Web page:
When wine bar and restaurant The Four Horsemen opened last fall in Brooklyn’s Williamsburg neighborhood, it quickly became notable for reasons beyond its well-known founding partner (LCD Soundsystem frontman James Murphy). The bar’s interior is stunning, as is the the wine list, which is comprised of around 300 bottles, all of which are natural wines. For years, natural wine has been both hyped as the next big trend in winemaking and maligned as a nebulous buzzword, but more and more shops, bars and restaurants are building their wine lists around these wines.
“[Natural wines] taste alive—more vibrant, more clear,”says Matt Mollo, co-owner of The Wine Bottega in Boston. “We’ve learned enough to be able to vet what is actually great natural wine. It tastes more like its place and the people that made it.”
Most places and people leading the natural wine charge are still clustered in larger cities like Paris and New York City. In the latter, Racine‘s owner-sommelier Arnaud Tronche curates his wine list specifically with organic and biodynamic producers practicing natural vinification methods, and June in Brooklyn highlights natural wines from mostly European regions, as well as New York’s Finger Lakes. At Pearl and Ash, wine director Patrick Cappiello (our 2015 Wine Person of the Year) helms a massive list currently at 2,500 bottles, with some of their most popular producers using predominantly natural methods, such as Hirotake Ooka, Jean Foillard and Domain de la Tournelle. Cappiello notes that he doesn’t use the term “natural” because there are too many factors to consider in the process. He instead prefers a more direct and bottle-specific approach. “I always describe wines to my guests with the particular practices of the specific winemaker, such as, ‘This producer farms with biodynamic practices and no sulfur in the winemaking, but does use a small amount of SO2 at bottling.’”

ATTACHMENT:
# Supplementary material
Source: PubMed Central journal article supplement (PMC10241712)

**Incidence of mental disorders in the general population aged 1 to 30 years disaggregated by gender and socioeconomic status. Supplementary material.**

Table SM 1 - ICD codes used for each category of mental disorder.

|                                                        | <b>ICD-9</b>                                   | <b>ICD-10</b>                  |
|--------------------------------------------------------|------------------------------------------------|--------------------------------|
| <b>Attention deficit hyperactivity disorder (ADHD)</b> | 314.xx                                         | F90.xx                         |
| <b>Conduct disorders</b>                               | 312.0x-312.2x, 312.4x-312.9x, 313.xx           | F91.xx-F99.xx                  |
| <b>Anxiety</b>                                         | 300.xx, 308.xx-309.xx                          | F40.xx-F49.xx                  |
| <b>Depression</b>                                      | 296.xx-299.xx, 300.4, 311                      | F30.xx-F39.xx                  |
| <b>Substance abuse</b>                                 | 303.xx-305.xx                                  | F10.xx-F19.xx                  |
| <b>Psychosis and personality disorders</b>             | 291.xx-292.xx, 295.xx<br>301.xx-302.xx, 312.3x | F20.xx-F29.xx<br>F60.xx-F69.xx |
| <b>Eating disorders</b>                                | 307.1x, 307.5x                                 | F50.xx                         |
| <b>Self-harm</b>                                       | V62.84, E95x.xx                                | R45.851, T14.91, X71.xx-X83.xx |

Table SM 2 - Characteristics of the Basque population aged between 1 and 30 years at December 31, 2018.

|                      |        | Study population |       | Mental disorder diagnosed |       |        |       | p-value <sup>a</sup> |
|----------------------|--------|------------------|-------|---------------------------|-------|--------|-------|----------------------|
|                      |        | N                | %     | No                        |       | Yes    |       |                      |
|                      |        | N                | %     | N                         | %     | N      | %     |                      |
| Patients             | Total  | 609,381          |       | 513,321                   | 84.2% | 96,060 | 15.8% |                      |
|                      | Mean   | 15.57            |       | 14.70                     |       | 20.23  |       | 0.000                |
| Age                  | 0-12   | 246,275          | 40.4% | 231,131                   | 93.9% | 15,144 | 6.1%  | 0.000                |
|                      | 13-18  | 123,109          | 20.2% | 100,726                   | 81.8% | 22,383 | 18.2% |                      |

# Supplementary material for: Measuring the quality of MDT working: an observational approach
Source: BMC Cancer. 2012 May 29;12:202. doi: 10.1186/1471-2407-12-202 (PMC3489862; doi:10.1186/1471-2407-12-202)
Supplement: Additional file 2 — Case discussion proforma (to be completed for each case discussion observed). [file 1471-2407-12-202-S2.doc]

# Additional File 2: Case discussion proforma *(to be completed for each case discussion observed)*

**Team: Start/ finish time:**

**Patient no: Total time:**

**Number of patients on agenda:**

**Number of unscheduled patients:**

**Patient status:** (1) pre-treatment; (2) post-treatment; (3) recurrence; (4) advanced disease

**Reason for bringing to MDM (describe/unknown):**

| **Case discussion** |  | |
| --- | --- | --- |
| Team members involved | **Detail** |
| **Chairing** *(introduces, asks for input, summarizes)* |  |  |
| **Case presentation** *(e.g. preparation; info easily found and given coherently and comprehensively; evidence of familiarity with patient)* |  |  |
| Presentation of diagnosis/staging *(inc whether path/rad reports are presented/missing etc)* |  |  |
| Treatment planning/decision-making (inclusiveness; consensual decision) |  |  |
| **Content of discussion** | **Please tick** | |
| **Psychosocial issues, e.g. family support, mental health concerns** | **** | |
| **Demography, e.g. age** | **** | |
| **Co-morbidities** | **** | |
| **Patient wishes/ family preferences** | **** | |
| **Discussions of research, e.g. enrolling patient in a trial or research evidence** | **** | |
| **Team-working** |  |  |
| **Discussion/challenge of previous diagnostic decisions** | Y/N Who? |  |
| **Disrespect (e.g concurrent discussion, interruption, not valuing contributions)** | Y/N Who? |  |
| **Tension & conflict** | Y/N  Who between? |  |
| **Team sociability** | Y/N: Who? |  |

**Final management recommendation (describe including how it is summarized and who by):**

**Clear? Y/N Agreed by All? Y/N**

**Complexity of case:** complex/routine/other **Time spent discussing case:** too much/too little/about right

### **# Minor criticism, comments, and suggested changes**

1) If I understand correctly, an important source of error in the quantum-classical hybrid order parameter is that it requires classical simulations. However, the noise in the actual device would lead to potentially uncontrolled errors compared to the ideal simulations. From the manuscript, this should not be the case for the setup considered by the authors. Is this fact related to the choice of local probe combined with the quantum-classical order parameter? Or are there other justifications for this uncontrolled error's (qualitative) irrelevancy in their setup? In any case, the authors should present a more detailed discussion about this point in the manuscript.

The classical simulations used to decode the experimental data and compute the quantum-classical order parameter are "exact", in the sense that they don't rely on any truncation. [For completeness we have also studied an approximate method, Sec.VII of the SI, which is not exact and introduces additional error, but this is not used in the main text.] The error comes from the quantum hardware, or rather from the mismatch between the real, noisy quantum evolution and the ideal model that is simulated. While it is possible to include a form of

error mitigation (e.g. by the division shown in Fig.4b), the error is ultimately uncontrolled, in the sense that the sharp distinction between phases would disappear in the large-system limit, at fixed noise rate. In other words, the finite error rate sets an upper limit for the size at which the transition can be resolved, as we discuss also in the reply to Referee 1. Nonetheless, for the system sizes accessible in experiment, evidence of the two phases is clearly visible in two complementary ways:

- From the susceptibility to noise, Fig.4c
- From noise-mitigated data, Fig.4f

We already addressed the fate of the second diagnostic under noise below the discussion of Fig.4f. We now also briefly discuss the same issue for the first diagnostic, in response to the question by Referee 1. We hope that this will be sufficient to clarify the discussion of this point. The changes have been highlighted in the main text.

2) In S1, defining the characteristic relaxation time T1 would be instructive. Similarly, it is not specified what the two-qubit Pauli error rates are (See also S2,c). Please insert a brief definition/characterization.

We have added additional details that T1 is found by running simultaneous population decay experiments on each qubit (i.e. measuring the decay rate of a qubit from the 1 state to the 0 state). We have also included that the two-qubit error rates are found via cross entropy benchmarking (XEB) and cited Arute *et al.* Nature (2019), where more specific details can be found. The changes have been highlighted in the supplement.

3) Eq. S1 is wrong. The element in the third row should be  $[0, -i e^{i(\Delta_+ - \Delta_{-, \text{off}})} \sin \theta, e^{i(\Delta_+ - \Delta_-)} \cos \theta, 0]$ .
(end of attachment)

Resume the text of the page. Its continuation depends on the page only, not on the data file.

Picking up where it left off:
Vin du naturel has also started to spread to other corners of the country as the concept becomes better understood and producers are making higher-quality offerings. A major advocate for natural wines, Oakland’s recently re-opened The Punchdown, has a few hundred on hand. Co-owner D.C. Loone’s current favorite styles are Jura reds; dark, cloudy rosés; orange wines; and Georgian wines fermented in qvevri, a traditional earthenware vessel. “Wines made in this manner need an open mind and tend to be different,” Loone says. “They can certainly be a little weird at first, but once you acquire the taste for real wine, it is hard to go back to conventional wines.”
More and more wine shops are also championing the sometimes-funky flavors of natural wine. At Lou Wine Shop and Tastings in Los Angeles, owner Lou Amdur specializes in “natural and unusual” wines, emphasizing regions like France’s Loire Valley, the northwest and south of Spain, California and Oregon. And back at The Wine Bottega, they offer natural wine courses a few times a month for those who really want to delve. “We always want to talk about the stories and the producers—real wine, real stories, real people,” Mollo says. “I think more people are interested in that kind of thing more than ever before.”